Three years after typhoon Haiyan caused catastrophic devastation across Central Philippines, more communities have become resilient to disasters and climate change impact. On 08 November 2013, Haiyan shocked the world as it mercilessly swept away houses, destroyed farmlands and livelihood assets, and left unimaginable number of casualties. The typhoon struck mostly the poorest communities and left people --including landless farmers and fisherfolks, indigenous tribes and micro-entrepreneurs-- without any source of income. As of November 2016, international aid organization CARE and its partners in the Visayas have reached more than 380,000 people through emergency food distributions, shelter repair and livelihoods recovery assistance, and various trainings on disaster risk reduction and climate change adaptation, women empowerment, and skills advancement. “Typhoons and other natural calamities have been hampering people’s recovery efforts. So it is important to not just provide livelihood options but also educate the communities about disaster preparedness and climate change adaptation,” said David Gazashvili, CARE Philippines Country Director. “CARE was quick to mobilize its staff and resources from different parts of the world after the typhoon. Through the generous support of our donors and collaboration of our staff, partners and communities we support, we are able to help build sustainable livelihoods and disaster-resilient communities,” said David Gazashvili, CARE Philippines Country Director. According to the United Nations Office for Disaster Risk Reduction, the Philippines endured a total of 274 natural calamities over the past two decades, making it the fourth most disaster-prone country in the world. After Haiyan, the Philippines experienced relatively strong typhoons such as Hagupit in 2014, Koppu and Melor in 2015 and recently Sarika and Haima that caused massive agricultural damage. “The biggest challenge for these communities is to protect their assets from natural calamities that’s why our emergency response is part of a long-term commitment. We place great importance on building local capacity, partnerships with local organizations and strengthening women’s participation.” CARE is currently implementing livelihoods recovery programs for communities severely affected by Haiyan in Eastern and Western Visayas regions. A total of 281 community associations have been supported through financial assistance and trainings to revive rice and corn fields, provide harvest facilities for farmers, boost abaca and seaweed production, promote eco-tourism, have economic opportunities for women weavers, etc. Also, more than 900 women micro-entrepreneurs have been assisted to start their income-generating activities and involve more people in their respective communities. Aside from the financial support, CARE has partnered with various local NGOs, government agencies and LGUs, the Academe and training institutions to provide learning sessions to people affected by the typhoon. The trainings include relevant topics on entrepreneurship, organic farming, sustainable agriculture, hazard mapping and contingency planning for disaster preparedness, gender and development, climate change mitigation and other industry-focused subjects. CARE’s assisted community organizations are now practicing organic farming, using solar dryers for their commodities, and other eco-friendly livelihood practices. CARE continues to work with the affected people and reach more communities in the Philippines through livelihoods recovery assistance and skill-building trainings. CARE works in the most vulnerable and geographically isolated areas affected by Haiyan, with special attention given to women and girls and the most marginalized.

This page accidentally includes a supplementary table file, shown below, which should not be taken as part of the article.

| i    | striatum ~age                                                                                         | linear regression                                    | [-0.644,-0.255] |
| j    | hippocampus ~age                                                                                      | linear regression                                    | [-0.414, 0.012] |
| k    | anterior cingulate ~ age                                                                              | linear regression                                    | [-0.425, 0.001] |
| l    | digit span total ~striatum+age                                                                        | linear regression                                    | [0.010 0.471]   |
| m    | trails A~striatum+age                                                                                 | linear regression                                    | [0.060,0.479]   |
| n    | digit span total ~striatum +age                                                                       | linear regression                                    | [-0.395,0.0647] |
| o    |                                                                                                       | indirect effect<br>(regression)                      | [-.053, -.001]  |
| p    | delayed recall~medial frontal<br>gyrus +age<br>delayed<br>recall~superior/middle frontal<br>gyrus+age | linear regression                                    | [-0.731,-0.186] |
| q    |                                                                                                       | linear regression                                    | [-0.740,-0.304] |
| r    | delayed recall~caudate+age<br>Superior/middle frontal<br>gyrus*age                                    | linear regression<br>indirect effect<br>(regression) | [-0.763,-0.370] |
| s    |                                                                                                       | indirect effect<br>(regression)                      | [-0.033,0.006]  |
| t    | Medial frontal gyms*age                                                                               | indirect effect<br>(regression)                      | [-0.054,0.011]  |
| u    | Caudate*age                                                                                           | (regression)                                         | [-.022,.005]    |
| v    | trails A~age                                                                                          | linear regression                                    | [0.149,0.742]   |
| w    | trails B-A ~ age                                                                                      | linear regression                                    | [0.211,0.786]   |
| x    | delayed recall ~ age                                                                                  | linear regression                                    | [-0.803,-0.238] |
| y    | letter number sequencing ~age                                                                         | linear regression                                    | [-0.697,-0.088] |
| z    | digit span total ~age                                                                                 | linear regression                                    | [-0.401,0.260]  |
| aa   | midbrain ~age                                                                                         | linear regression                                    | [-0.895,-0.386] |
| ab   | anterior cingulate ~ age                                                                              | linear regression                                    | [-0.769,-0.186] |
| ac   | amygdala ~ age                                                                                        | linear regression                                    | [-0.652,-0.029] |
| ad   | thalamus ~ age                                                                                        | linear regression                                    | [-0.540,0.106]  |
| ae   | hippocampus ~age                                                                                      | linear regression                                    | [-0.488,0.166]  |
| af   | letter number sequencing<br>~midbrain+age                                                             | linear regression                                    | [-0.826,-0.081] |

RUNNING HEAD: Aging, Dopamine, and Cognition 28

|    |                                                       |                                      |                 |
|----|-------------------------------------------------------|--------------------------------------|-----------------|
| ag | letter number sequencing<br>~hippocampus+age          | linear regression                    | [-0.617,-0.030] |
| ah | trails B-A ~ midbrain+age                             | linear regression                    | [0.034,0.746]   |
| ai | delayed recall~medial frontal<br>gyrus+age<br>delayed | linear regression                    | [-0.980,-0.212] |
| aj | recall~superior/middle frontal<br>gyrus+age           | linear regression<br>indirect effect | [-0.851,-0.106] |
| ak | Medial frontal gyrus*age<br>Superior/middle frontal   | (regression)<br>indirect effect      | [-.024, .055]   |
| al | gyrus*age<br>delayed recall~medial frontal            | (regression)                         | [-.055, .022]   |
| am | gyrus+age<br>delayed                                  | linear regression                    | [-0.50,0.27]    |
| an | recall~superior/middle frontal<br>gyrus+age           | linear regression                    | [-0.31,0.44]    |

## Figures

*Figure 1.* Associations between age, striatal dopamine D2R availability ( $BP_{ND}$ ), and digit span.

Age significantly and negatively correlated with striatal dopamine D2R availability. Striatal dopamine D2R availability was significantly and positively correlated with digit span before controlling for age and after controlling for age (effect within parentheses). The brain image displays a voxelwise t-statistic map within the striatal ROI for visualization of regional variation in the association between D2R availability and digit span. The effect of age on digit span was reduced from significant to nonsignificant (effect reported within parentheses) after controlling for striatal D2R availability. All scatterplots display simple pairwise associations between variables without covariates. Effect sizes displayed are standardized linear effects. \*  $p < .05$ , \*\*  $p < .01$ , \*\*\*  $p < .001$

Written by: Dennis Amata (Information & Communications Manager, CARE Philippines)


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    Source: CARE
    Country: Philippines

    Severe Tropical Storm Nock-ten (locally known as Nina) is expected to make landfall in the Bicol Region, Philippines on December 25, Christmas Day. The storm is expected to intensify into a typhoon before it hits land.

    In a bulletin issued 11 a.m. on Friday, state weather bureau PAGASA reported that Nock-ten is already 790 kilometers east of Guiuan, Eastern Samar. The severe tropical storm strengthened further late Friday morning and now has maximum winds of up to 105 km/h and gustiness of up to 130 km/h.